3 is protected by pseudonym, face, and voice distortion. May I expect that

4 the voice distortion has been prepared properly?

5 [Trial Chamber and registrar confer]

6 JUDGE ORIE: I am informed that the voice distortion is not yet

7 properly prepared, so we'll have to have a break for five, up to ten

8 minutes in order to test whether the voice distortion is effective or

9 not.

10 Mr. Piletta-Zanin?

11 MR. PILETTA-ZANIN: [Interpretation] Yes, Mr. President. Before we

12 take that break, I should merely like to note one thing that I've just

13 discovered, and that is that the English translation seems that I know --

14 but that there are some modifications, some changes in hand, by hand. But

15 I see -- no. No, observation. There are initials here.

16 JUDGE ORIE: Mr. Piletta-Zanin, you should have conferred with

17 lead counsel, because he could have explained to you that part of the

18 testimony was specifically on this handwritten. So will you please,

19 first, if you have not been present during the examination, first confer

20 with lead counsel and only then make any observations.

21 We will have a break for five, up to ten minutes, until the voice

22 distortion has been properly prepared.

23 --- Break taken at 1.25 p.m.

24 --- On resuming at 1.33 p.m.

25 JUDGE ORIE: Mr. Ierace.

Page 6242

1 MR. IERACE: Mr. President, I call Witness AH.

2 JUDGE ORIE: Yes. And is proper care taken that while entering

3 the courtroom, the face of the witness will not be shown to the outside

4 world? I'm asking for confirmation to the technical booth.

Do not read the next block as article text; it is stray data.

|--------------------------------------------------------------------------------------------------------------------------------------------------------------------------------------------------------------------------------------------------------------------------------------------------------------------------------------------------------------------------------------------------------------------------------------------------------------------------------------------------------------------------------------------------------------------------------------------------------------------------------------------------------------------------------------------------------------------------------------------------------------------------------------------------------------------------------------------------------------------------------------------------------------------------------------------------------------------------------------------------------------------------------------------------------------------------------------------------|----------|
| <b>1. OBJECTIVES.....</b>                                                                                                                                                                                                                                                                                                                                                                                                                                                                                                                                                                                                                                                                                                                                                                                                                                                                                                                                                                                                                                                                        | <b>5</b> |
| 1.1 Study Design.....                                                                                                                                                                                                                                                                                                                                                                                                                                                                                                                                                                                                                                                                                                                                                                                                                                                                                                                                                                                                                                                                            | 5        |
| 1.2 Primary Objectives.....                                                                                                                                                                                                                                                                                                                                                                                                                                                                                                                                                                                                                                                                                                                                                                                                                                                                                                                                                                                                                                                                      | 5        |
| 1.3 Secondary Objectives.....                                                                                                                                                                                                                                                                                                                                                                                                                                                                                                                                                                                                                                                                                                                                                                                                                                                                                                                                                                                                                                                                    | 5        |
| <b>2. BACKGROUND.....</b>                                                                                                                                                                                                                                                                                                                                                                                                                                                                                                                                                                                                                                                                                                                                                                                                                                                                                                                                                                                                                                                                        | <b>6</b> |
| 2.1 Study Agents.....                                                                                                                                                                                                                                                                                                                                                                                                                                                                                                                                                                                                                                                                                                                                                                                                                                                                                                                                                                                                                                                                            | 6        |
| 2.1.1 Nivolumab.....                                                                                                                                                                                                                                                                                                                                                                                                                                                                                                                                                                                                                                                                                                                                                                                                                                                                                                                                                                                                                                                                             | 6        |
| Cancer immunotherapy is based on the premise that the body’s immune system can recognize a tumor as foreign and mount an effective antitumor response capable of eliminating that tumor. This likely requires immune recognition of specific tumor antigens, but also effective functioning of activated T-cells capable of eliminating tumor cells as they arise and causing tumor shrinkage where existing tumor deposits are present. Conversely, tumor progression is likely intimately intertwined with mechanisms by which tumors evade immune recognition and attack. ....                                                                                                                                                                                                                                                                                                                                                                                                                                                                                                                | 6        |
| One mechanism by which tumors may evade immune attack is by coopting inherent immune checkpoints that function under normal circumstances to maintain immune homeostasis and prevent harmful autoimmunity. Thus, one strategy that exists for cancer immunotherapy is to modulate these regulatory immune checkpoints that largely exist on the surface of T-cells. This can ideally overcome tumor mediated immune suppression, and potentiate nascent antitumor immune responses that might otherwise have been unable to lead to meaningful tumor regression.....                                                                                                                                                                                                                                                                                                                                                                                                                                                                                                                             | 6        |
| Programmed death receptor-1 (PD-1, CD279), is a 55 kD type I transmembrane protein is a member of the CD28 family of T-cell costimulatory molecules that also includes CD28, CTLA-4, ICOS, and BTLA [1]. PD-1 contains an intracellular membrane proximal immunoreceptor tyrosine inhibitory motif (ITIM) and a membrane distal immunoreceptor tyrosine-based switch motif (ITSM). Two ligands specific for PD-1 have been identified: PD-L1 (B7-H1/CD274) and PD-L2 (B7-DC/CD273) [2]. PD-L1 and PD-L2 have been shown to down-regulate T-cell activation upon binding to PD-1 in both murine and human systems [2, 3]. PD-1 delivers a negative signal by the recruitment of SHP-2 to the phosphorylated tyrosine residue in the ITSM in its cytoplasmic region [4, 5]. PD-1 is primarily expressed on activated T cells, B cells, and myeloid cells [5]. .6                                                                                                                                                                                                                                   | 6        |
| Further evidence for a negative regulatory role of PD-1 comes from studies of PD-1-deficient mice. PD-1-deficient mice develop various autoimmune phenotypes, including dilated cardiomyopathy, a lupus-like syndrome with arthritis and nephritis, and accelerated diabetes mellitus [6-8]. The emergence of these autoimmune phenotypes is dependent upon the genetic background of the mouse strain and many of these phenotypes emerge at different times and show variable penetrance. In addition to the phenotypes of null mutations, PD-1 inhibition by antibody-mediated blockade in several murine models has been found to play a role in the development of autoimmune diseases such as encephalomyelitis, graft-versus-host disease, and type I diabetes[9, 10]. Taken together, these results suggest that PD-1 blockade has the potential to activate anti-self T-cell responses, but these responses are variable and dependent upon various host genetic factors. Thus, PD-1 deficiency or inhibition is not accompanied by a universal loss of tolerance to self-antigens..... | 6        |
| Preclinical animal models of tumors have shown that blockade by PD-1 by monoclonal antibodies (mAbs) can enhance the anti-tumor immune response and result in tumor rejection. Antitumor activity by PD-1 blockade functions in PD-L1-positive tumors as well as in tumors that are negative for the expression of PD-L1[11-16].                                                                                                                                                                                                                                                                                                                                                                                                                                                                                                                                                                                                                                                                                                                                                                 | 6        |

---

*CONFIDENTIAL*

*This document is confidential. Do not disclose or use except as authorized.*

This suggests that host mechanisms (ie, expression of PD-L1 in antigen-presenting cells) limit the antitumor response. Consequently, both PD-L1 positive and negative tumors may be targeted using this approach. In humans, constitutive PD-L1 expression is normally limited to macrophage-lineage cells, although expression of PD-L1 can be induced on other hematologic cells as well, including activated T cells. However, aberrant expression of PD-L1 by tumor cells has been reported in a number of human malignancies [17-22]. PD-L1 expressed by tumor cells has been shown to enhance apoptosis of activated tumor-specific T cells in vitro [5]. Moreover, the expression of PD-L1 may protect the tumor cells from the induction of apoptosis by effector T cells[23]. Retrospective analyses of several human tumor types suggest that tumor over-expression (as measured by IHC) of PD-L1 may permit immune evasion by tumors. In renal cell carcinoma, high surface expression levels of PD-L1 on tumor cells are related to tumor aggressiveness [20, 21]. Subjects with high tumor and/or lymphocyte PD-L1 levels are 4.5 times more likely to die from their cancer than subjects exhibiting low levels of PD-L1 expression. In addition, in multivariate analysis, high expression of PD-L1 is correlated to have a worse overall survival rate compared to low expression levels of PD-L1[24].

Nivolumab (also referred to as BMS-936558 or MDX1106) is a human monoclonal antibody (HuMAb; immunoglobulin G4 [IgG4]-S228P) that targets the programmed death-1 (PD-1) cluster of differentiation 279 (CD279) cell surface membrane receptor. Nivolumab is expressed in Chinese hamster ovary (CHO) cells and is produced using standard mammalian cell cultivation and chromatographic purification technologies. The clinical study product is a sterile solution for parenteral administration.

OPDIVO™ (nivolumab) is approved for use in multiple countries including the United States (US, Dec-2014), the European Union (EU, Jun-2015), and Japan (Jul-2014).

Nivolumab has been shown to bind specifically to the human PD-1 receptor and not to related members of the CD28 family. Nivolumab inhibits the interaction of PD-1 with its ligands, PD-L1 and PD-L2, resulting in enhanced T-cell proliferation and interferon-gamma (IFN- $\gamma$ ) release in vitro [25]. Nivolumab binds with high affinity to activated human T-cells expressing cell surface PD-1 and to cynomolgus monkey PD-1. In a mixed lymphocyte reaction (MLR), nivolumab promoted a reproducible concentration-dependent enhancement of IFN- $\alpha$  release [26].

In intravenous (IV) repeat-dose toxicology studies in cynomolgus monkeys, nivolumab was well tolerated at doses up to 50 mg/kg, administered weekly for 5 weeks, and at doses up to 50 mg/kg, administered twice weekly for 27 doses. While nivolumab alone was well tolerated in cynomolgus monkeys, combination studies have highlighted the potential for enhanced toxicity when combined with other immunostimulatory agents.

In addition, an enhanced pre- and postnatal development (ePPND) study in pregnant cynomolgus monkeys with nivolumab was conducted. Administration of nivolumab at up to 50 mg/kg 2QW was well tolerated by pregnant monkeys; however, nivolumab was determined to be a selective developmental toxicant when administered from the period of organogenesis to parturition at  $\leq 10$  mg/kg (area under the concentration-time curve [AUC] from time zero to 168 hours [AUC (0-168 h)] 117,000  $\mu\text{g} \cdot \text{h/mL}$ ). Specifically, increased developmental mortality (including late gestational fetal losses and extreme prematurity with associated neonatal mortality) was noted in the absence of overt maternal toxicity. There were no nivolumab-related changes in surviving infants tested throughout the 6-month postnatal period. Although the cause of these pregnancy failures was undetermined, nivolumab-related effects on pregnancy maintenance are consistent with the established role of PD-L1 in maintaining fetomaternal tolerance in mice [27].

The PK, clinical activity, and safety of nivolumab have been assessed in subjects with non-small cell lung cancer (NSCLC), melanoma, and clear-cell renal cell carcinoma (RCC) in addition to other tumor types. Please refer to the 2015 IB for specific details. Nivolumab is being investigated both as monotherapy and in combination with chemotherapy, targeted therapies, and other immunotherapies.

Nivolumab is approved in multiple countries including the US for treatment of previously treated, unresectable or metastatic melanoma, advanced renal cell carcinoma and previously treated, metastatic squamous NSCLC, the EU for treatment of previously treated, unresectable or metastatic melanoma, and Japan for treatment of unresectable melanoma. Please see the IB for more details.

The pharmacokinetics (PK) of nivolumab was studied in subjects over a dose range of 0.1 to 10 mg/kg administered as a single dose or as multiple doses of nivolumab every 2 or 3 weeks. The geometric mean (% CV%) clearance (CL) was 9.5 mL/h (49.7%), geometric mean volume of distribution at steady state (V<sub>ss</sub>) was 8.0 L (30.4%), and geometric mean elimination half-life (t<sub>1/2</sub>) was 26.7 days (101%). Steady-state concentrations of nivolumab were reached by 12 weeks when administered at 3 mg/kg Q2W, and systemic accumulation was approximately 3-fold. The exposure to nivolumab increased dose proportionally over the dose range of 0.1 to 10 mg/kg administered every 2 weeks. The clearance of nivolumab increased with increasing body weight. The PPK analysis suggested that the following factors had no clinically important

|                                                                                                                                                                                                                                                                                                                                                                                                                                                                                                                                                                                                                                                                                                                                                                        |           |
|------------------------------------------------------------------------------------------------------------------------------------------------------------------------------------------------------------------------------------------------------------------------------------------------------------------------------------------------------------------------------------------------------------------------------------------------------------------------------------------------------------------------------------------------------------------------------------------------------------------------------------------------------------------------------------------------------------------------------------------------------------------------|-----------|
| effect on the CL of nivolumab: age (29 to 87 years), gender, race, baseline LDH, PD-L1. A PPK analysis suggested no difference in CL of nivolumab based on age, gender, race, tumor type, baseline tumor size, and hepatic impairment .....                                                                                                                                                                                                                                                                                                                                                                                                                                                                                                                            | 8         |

5 Could I please get a confirmation that when the witness is

6 entering the courtroom, that her face will not be shown.

7 [Trial Chamber and registrar confer]

8 JUDGE ORIE: It is confirmed to me.

9 Since -- is there anyone in the public gallery? No. So please,

10 Mr. Usher, would you escort the witness to the courtroom.

11 [The witness entered court]

12 JUDGE ORIE: Can you hear me in a language you understand?

13 THE WITNESS: [Interpretation] Yes.

14 Could it be a little louder, please.

15 JUDGE ORIE: I'll repeat the question to you. Could you hear me

16 in a language you understand?

17 THE WITNESS: [Interpretation] Yes.

18 JUDGE ORIE: You're nodding. Would you please give an answer

19 aloud, because when you nod it will not be understood by the interpreters

20 and it will not be translated, and therefore it will not be in the

21 transcript. So whenever I ask a question, or if anyone else asks you a

22 question, would you please give an audible answer.

23 THE WITNESS: [Interpretation] Yes, I can hear you.

24 JUDGE ORIE: Ms. AH, I'll not call you by your own name because

25 protective measures are granted in respect of you. So therefore, I'll

Page 6243

1 address you as "Ms. AH." Before giving testimony in this Court, the Rules

2 of Procedure and Evidence require you to make a solemn declaration that

3 you'll speak the truth, the whole truth, and nothing but the truth. The

4 text of this declaration will be handed out to you now by the usher. May

5 I invite you to make that declaration.

6 THE WITNESS: [Interpretation] I solemnly declare that I will speak

7 the truth, the whole truth, and nothing but the truth.

8 JUDGE ORIE: Thank you very much. Please be seated.


10 [Witness answered through interpreter]

11 JUDGE ORIE: Ms. AH, you'll first be examined by counsel for the

12 Prosecution. You'll then be examined by counsel for the Defence.

13 So please, Mr. Ierace, would you proceed. And may I remind both

14 parties to put off their microphones when the witness is answering

15 questions.

16 MR. IERACE: Mr. President, I ask the witness be shown Exhibit

17 P3676.

18 Examined by Mr. Ierace:

19 Q. Does the piece of paper in front of you correctly record your name

20 and date of birth?

21 A. Yes.

22 Q. Do you have a brother?

23 A. Yes.

24 MR. IERACE: Before that exhibit is taken from the table in front

25 of the witness, with the leave of the Bench, I seek that the witness

Page 6244